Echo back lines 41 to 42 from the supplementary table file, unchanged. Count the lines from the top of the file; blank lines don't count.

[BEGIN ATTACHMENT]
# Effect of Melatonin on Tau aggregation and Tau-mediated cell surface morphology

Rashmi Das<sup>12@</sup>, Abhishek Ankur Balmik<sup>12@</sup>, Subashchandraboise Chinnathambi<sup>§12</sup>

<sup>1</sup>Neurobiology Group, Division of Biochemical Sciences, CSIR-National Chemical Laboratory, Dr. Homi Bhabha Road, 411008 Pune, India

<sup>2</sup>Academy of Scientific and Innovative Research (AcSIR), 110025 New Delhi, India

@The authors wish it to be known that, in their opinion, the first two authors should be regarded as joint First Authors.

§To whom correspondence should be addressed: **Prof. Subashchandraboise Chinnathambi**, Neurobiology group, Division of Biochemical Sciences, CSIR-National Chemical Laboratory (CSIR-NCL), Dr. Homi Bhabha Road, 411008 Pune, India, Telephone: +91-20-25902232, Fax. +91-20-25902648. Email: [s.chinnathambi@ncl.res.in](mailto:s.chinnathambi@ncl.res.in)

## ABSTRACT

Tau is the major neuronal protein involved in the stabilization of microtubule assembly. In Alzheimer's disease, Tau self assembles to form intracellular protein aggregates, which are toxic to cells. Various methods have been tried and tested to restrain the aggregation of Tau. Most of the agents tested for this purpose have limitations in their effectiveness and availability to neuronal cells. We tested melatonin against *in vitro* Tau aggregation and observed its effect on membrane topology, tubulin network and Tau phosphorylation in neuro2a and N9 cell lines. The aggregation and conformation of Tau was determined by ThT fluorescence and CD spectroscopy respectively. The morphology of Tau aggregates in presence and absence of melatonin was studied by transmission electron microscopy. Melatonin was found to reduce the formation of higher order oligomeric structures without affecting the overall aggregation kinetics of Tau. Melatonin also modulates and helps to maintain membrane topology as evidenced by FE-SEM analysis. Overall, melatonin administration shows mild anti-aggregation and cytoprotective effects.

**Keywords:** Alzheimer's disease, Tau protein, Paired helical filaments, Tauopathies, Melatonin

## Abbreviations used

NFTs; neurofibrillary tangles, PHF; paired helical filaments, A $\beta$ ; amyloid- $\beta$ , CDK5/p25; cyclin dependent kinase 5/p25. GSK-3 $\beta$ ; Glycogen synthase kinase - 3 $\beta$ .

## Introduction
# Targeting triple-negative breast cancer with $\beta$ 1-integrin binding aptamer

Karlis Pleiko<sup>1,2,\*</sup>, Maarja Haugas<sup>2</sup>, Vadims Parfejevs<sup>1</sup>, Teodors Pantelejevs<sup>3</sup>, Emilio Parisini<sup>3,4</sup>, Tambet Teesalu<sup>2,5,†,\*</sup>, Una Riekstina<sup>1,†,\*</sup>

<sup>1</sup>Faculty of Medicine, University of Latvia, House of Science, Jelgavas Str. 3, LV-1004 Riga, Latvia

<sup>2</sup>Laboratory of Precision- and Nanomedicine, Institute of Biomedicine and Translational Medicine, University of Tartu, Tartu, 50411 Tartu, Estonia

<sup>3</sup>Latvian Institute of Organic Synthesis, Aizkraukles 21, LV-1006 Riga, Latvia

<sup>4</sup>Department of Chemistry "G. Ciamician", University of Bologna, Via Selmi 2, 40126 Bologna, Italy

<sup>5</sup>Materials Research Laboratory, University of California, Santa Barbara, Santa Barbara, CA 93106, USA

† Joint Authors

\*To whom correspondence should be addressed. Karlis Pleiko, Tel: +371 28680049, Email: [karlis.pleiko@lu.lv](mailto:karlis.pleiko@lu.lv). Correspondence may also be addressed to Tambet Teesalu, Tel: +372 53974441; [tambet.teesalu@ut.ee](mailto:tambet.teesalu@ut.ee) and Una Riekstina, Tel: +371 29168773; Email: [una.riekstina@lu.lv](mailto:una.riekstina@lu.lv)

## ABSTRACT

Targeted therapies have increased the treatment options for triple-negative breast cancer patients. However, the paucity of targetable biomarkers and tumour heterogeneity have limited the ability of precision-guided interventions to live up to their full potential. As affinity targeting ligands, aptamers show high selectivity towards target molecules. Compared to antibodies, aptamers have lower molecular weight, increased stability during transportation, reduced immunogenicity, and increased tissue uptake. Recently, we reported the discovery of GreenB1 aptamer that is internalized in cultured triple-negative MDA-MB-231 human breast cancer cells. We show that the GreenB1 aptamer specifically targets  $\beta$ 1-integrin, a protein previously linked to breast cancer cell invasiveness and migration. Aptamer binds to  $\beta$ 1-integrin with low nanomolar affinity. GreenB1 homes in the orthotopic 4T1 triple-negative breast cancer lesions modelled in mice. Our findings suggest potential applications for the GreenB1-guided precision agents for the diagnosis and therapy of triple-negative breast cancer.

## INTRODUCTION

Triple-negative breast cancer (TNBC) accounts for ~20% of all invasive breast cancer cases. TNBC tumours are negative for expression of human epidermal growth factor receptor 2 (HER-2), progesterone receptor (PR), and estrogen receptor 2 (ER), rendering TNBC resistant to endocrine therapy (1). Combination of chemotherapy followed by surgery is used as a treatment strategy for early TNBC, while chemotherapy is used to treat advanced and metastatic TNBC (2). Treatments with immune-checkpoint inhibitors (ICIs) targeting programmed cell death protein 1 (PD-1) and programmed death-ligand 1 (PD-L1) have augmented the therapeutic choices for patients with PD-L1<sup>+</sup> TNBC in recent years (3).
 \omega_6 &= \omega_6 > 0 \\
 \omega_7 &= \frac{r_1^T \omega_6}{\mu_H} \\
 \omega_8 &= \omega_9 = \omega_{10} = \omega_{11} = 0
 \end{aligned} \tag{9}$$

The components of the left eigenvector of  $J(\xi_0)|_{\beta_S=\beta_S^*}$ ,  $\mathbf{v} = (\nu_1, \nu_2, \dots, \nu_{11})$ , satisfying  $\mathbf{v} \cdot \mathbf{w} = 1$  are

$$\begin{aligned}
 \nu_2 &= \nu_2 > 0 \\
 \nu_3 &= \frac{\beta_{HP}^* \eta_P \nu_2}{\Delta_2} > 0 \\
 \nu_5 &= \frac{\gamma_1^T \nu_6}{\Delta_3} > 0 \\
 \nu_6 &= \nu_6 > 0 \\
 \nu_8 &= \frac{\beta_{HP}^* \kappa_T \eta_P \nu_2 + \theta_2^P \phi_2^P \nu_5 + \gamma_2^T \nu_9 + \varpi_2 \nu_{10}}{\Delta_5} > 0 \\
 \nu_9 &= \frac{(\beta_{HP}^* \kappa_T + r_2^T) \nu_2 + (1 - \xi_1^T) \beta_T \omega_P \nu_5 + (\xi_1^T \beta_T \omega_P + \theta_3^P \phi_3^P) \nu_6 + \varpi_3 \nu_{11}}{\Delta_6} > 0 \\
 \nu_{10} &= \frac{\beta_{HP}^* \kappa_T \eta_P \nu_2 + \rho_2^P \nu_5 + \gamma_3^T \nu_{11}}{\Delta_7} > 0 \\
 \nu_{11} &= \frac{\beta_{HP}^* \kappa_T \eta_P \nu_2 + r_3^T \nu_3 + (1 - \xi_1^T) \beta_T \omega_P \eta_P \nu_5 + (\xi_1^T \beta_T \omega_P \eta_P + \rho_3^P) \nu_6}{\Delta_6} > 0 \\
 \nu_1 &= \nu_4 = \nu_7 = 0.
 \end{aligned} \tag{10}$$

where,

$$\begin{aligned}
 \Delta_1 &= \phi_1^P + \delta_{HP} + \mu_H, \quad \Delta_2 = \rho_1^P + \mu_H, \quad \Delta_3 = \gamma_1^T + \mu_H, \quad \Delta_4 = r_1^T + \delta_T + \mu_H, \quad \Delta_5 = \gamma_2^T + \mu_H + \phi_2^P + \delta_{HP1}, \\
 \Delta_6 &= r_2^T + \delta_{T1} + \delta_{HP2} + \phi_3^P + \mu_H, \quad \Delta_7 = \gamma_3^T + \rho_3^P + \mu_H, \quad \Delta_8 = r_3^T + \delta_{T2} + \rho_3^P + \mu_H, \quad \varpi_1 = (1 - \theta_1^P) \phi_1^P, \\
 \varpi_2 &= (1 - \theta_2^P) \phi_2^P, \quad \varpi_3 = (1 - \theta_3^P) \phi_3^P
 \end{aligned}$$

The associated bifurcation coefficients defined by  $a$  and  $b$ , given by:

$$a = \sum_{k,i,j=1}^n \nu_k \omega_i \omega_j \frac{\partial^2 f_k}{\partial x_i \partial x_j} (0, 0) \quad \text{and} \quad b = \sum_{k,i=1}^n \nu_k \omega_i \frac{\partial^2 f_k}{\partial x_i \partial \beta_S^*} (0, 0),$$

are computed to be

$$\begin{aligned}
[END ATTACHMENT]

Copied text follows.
 \end{aligned} \tag{10}$$

where,